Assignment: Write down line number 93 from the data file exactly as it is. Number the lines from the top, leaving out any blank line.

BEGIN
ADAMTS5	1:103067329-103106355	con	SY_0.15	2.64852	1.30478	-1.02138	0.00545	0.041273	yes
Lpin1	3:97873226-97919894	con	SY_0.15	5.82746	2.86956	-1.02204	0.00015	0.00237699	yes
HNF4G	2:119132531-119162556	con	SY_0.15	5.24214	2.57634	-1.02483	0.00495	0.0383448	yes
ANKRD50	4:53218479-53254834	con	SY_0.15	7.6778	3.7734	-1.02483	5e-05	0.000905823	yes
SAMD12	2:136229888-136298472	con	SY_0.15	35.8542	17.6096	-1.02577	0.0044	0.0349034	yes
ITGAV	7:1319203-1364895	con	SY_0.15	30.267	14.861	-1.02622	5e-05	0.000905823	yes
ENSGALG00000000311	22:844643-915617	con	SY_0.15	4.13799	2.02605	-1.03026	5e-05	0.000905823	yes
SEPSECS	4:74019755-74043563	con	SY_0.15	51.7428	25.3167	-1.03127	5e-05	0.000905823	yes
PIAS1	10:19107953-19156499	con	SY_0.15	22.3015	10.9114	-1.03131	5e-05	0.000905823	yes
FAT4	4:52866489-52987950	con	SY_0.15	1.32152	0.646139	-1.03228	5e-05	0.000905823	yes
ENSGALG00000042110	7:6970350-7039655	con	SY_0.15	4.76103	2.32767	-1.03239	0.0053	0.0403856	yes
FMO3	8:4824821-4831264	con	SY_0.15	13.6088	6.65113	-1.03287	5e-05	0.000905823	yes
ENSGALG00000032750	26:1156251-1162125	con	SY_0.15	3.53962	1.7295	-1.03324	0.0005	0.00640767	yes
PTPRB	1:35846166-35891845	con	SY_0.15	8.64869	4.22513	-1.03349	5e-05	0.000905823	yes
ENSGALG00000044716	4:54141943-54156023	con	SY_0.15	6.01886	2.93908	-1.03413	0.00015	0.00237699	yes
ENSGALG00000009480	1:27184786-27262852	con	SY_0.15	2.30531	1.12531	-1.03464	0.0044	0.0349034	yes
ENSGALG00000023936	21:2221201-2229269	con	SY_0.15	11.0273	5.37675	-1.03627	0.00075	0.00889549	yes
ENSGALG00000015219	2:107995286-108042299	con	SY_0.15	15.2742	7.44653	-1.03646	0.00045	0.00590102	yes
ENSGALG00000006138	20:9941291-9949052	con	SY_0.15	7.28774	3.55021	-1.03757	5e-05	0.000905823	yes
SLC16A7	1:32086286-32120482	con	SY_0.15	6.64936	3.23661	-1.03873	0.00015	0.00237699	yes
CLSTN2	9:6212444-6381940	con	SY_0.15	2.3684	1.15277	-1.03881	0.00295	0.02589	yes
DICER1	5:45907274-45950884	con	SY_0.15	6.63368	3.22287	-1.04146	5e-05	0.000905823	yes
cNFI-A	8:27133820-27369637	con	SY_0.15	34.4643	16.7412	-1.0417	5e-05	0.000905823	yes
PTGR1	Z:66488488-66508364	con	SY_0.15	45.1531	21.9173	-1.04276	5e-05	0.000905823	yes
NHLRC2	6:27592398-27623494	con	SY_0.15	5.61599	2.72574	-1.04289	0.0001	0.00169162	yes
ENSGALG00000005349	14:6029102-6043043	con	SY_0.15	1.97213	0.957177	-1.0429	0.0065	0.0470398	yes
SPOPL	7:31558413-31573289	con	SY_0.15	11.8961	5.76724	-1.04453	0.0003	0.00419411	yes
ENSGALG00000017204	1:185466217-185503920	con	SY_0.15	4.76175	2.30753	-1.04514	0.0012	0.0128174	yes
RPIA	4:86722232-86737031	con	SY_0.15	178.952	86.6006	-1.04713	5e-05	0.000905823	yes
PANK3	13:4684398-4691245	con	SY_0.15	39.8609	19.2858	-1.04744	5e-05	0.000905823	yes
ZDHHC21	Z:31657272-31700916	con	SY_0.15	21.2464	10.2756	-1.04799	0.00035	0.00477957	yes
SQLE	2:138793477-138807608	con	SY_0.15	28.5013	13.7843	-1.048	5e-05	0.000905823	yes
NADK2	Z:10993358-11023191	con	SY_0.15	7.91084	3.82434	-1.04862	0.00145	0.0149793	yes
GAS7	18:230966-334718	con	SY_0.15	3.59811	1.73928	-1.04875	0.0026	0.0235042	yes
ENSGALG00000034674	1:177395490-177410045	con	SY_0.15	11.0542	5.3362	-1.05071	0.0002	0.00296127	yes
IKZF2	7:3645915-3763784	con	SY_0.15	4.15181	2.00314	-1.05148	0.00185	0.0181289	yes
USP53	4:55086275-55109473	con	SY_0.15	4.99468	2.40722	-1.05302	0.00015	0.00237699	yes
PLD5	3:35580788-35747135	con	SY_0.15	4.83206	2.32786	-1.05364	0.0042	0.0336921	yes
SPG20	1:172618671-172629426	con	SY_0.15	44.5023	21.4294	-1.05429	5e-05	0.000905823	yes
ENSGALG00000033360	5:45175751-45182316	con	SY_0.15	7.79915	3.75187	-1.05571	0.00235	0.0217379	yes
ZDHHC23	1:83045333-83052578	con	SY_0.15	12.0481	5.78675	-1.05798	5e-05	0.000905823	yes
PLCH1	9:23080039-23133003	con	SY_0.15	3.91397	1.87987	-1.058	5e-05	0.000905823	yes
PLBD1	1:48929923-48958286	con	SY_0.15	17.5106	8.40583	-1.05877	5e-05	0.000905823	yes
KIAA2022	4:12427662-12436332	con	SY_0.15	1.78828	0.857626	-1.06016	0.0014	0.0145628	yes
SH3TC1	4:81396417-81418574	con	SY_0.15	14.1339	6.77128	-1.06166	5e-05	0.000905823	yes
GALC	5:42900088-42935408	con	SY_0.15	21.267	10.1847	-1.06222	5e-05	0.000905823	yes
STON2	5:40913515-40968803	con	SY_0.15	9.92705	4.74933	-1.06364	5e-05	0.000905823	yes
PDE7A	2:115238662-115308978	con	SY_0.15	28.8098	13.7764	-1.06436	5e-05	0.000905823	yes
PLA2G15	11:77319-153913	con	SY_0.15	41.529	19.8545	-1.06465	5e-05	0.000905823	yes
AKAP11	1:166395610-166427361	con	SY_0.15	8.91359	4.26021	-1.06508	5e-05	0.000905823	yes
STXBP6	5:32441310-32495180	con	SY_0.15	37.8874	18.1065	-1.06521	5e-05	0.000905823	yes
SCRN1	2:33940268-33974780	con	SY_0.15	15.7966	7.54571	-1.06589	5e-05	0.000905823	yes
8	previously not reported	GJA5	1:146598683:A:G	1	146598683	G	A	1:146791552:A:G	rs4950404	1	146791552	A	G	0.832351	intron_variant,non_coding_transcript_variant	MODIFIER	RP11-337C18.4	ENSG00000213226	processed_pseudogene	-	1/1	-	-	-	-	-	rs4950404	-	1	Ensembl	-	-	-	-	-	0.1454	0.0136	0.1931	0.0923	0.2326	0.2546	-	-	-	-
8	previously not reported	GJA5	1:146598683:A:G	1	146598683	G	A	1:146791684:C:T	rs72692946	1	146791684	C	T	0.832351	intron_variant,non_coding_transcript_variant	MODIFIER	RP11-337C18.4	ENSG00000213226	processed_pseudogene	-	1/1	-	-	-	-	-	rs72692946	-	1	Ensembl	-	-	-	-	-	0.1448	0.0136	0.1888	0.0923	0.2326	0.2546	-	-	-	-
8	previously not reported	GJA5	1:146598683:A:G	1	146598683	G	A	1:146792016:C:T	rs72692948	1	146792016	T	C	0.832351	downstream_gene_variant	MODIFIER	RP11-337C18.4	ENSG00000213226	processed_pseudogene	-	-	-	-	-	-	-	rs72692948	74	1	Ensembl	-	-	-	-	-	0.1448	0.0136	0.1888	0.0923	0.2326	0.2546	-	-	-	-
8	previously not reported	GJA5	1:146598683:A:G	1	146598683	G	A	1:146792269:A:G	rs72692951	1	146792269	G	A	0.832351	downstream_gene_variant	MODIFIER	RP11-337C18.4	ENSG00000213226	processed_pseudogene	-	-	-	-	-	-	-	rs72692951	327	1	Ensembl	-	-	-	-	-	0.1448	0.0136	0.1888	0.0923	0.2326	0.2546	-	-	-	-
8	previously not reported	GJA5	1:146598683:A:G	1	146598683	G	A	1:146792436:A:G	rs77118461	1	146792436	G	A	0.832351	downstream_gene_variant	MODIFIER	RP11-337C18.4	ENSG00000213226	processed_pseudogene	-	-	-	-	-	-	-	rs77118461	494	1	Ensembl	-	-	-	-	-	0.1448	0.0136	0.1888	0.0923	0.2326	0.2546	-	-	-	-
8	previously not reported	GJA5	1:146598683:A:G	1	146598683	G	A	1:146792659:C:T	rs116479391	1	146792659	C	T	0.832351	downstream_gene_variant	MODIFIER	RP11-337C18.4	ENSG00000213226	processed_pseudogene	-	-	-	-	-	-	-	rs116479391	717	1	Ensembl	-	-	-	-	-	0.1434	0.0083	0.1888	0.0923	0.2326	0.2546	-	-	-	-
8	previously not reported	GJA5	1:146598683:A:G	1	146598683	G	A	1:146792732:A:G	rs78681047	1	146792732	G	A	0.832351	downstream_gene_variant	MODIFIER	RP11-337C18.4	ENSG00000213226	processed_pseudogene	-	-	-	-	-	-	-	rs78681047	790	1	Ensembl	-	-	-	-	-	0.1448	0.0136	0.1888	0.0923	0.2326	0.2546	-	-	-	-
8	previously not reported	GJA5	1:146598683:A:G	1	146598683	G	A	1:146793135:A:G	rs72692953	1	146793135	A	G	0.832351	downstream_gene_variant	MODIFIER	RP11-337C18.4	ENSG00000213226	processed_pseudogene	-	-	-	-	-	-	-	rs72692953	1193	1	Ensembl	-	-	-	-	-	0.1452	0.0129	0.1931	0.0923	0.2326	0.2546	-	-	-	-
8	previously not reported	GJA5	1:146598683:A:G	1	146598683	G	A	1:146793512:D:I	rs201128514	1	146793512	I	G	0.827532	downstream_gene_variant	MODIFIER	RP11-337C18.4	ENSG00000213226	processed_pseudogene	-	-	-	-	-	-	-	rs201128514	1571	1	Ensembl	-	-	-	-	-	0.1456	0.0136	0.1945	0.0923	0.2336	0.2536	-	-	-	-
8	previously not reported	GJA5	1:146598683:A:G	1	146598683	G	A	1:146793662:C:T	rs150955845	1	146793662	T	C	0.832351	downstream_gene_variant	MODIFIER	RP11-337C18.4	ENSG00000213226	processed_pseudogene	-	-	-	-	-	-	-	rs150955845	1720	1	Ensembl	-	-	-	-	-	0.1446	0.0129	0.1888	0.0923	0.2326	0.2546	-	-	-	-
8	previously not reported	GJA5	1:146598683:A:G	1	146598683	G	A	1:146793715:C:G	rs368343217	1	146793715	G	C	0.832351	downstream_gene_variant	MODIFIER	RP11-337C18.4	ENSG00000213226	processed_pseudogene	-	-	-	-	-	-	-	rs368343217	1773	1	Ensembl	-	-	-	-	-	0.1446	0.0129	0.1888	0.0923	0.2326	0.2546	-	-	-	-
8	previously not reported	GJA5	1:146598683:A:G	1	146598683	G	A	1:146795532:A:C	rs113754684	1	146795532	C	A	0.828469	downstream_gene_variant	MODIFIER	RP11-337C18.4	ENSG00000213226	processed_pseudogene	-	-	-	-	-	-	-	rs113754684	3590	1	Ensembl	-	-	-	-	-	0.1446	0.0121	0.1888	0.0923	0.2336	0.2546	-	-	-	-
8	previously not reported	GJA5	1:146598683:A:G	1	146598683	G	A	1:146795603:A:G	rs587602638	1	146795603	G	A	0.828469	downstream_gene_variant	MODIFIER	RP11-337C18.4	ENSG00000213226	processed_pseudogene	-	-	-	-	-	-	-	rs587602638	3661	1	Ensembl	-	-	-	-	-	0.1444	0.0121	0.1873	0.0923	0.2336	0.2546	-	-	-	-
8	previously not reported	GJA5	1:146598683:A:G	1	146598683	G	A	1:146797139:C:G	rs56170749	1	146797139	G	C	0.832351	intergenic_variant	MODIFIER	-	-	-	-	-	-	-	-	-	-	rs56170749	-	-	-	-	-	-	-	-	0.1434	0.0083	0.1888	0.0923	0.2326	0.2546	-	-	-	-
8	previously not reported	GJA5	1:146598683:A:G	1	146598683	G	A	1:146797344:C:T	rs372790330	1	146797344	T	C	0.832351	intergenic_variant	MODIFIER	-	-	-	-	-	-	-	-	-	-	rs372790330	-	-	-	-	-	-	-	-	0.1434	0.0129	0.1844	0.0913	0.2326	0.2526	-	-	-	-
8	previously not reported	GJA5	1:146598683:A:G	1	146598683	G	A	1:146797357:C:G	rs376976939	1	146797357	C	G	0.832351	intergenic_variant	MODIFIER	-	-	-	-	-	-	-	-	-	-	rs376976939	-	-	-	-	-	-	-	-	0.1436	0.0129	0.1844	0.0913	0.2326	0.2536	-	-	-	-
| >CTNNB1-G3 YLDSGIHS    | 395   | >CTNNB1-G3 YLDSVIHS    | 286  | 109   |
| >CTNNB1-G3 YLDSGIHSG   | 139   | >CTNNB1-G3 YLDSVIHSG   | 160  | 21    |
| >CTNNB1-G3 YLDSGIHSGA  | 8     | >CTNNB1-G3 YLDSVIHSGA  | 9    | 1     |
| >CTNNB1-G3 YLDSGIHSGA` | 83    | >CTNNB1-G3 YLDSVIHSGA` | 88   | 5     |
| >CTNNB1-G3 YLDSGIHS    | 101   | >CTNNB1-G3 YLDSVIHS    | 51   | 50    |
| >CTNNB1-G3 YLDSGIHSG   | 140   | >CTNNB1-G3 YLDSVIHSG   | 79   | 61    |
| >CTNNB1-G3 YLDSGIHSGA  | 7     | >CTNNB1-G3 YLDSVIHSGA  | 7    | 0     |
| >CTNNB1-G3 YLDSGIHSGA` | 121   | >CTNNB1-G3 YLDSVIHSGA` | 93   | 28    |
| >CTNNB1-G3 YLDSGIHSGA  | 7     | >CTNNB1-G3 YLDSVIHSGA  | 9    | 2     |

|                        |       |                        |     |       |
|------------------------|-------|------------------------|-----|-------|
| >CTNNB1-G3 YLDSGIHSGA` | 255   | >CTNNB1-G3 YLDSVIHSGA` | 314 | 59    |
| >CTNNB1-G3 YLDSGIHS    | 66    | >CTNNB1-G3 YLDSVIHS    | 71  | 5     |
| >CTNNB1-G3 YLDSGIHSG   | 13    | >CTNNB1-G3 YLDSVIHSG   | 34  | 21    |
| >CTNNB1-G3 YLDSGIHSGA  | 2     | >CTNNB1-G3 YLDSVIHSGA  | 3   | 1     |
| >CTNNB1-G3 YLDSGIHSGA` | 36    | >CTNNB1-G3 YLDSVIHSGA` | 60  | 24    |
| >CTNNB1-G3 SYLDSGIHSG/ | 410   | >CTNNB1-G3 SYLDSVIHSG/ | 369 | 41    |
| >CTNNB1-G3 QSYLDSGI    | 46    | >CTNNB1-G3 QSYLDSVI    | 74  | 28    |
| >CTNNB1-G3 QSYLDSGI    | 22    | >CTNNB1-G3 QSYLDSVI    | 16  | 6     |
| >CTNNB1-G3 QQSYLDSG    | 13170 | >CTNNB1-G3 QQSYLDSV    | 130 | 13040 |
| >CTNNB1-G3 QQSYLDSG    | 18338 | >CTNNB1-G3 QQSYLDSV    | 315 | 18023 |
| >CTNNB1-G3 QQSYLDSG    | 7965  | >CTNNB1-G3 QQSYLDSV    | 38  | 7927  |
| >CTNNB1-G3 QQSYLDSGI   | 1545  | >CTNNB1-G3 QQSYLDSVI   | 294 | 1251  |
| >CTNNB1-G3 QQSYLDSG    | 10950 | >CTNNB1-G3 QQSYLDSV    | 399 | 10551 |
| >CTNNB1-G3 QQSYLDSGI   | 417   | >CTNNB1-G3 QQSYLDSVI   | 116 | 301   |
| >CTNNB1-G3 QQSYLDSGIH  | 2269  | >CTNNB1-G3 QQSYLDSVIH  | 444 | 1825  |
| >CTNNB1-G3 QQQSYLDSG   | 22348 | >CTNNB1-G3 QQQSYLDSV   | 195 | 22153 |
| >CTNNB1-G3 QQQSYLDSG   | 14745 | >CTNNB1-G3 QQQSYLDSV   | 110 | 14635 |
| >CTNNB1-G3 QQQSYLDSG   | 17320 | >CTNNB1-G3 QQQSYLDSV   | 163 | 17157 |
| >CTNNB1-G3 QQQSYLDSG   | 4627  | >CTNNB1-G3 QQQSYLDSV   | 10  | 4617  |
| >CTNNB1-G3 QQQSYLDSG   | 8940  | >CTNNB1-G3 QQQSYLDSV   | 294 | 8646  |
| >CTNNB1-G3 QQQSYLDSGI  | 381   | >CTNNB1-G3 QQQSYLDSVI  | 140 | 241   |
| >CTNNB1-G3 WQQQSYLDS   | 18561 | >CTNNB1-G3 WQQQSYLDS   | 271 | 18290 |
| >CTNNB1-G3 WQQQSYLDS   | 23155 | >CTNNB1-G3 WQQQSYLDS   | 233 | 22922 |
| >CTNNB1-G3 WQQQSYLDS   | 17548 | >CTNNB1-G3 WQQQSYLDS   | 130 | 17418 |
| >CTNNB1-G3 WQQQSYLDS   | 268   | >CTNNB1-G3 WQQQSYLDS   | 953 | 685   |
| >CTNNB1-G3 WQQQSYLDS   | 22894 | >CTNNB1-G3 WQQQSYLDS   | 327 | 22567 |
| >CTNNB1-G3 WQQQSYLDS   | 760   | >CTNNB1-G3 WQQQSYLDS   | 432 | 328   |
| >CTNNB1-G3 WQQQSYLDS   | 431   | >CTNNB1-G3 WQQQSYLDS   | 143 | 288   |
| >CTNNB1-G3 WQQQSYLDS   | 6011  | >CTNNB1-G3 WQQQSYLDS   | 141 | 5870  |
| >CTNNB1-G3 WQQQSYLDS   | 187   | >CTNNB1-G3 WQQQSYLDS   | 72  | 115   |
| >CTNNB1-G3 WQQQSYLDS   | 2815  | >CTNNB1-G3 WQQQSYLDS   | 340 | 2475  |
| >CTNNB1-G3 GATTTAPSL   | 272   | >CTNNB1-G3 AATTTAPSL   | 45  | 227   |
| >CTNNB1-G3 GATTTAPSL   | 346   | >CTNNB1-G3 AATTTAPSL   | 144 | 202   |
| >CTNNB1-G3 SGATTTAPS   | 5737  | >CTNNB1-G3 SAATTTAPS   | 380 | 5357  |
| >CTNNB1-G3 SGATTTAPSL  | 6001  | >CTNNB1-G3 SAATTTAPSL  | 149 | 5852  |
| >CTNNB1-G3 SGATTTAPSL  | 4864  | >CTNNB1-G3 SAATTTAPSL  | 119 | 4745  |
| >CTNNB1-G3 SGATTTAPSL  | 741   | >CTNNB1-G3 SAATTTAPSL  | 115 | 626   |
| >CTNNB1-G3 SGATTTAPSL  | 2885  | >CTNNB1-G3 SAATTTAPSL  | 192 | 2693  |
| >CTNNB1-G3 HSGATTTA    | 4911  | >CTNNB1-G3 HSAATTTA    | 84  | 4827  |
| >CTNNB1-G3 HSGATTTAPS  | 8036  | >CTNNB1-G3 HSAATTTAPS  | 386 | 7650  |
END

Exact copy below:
| >CTNNB1-G3 QQSYLDSGI   | 417   | >CTNNB1-G3 QQSYLDSVI   | 116 | 301   |